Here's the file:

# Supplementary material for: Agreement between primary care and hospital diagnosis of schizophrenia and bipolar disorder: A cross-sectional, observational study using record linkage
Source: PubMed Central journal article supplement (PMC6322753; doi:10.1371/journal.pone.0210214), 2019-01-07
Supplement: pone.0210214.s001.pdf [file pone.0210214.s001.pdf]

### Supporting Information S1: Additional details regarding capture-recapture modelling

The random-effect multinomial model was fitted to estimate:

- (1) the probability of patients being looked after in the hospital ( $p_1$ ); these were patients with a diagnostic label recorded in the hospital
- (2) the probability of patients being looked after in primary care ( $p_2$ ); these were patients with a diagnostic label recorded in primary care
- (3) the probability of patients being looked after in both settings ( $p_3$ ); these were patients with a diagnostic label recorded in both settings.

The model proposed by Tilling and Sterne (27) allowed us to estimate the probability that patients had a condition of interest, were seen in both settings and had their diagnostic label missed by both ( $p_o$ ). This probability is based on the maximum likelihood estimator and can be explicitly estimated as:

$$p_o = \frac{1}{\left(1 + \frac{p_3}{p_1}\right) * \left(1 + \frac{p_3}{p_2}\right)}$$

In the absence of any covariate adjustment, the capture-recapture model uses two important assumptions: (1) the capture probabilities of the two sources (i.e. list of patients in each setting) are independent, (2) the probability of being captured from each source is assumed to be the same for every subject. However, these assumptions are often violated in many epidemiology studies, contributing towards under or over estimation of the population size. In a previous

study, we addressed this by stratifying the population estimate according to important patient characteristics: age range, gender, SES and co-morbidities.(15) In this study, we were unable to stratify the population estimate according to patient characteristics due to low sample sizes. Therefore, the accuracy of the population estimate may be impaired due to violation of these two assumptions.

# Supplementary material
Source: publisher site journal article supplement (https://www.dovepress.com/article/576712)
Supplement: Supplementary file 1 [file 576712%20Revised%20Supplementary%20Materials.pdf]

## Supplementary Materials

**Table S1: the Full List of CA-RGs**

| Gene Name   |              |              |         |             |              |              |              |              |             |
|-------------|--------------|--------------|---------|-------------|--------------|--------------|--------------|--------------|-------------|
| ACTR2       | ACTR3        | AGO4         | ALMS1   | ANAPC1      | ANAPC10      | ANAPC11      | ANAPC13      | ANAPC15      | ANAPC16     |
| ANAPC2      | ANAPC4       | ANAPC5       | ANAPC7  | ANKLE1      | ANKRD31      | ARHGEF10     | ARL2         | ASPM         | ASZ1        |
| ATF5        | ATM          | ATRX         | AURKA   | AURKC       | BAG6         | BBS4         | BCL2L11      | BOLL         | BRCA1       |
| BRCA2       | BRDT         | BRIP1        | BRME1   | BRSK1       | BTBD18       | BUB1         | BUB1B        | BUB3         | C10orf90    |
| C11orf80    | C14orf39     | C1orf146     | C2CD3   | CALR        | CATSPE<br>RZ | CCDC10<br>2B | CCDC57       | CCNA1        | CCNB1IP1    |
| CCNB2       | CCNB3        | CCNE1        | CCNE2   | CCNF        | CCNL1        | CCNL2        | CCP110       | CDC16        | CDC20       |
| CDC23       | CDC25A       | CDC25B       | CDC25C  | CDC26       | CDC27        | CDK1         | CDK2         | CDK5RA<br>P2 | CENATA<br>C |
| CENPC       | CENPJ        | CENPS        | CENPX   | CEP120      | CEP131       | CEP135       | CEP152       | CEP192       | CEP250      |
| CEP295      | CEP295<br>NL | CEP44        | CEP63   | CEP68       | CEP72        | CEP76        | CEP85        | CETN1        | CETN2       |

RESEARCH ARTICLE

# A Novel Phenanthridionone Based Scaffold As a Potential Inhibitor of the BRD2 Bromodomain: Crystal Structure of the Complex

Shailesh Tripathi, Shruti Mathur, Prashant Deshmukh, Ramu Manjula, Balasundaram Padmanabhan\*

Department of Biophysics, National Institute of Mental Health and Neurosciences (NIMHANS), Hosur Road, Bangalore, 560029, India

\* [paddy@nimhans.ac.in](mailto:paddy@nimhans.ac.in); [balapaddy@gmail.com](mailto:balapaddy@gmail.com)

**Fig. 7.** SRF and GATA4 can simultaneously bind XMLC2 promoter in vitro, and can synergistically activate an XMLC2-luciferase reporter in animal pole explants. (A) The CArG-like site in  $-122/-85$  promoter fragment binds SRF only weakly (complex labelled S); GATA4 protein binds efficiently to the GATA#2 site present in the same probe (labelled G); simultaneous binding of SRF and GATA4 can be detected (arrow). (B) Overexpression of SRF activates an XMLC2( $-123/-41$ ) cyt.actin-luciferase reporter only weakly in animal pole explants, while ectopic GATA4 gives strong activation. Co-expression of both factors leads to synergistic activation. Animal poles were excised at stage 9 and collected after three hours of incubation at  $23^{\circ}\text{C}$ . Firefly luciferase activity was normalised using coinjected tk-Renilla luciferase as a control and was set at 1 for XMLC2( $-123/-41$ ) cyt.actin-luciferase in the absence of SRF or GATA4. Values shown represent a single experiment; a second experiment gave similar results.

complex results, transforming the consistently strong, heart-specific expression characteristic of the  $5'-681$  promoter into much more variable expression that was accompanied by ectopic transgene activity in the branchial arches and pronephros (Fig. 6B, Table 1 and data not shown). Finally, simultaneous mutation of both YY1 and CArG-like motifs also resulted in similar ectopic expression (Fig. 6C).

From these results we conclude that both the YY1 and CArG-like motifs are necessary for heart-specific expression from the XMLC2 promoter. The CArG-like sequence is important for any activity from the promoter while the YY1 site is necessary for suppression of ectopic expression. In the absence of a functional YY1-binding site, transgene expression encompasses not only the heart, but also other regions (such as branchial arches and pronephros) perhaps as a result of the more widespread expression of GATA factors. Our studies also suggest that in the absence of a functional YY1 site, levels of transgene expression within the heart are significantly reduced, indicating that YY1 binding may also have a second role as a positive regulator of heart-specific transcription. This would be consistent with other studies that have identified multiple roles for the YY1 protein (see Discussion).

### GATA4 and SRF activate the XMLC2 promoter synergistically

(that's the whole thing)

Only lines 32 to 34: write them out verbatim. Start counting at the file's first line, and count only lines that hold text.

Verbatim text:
Department of Biophysics, National Institute of Mental Health and Neurosciences (NIMHANS), Hosur Road, Bangalore, 560029, India

\* [paddy@nimhans.ac.in](mailto:paddy@nimhans.ac.in); [balapaddy@gmail.com](mailto:balapaddy@gmail.com)

**Fig. 7.** SRF and GATA4 can simultaneously bind XMLC2 promoter in vitro, and can synergistically activate an XMLC2-luciferase reporter in animal pole explants. (A) The CArG-like site in  $-122/-85$  promoter fragment binds SRF only weakly (complex labelled S); GATA4 protein binds efficiently to the GATA#2 site present in the same probe (labelled G); simultaneous binding of SRF and GATA4 can be detected (arrow). (B) Overexpression of SRF activates an XMLC2( $-123/-41$ ) cyt.actin-luciferase reporter only weakly in animal pole explants, while ectopic GATA4 gives strong activation. Co-expression of both factors leads to synergistic activation. Animal poles were excised at stage 9 and collected after three hours of incubation at  $23^{\circ}\text{C}$ . Firefly luciferase activity was normalised using coinjected tk-Renilla luciferase as a control and was set at 1 for XMLC2( $-123/-41$ ) cyt.actin-luciferase in the absence of SRF or GATA4. Values shown represent a single experiment; a second experiment gave similar results.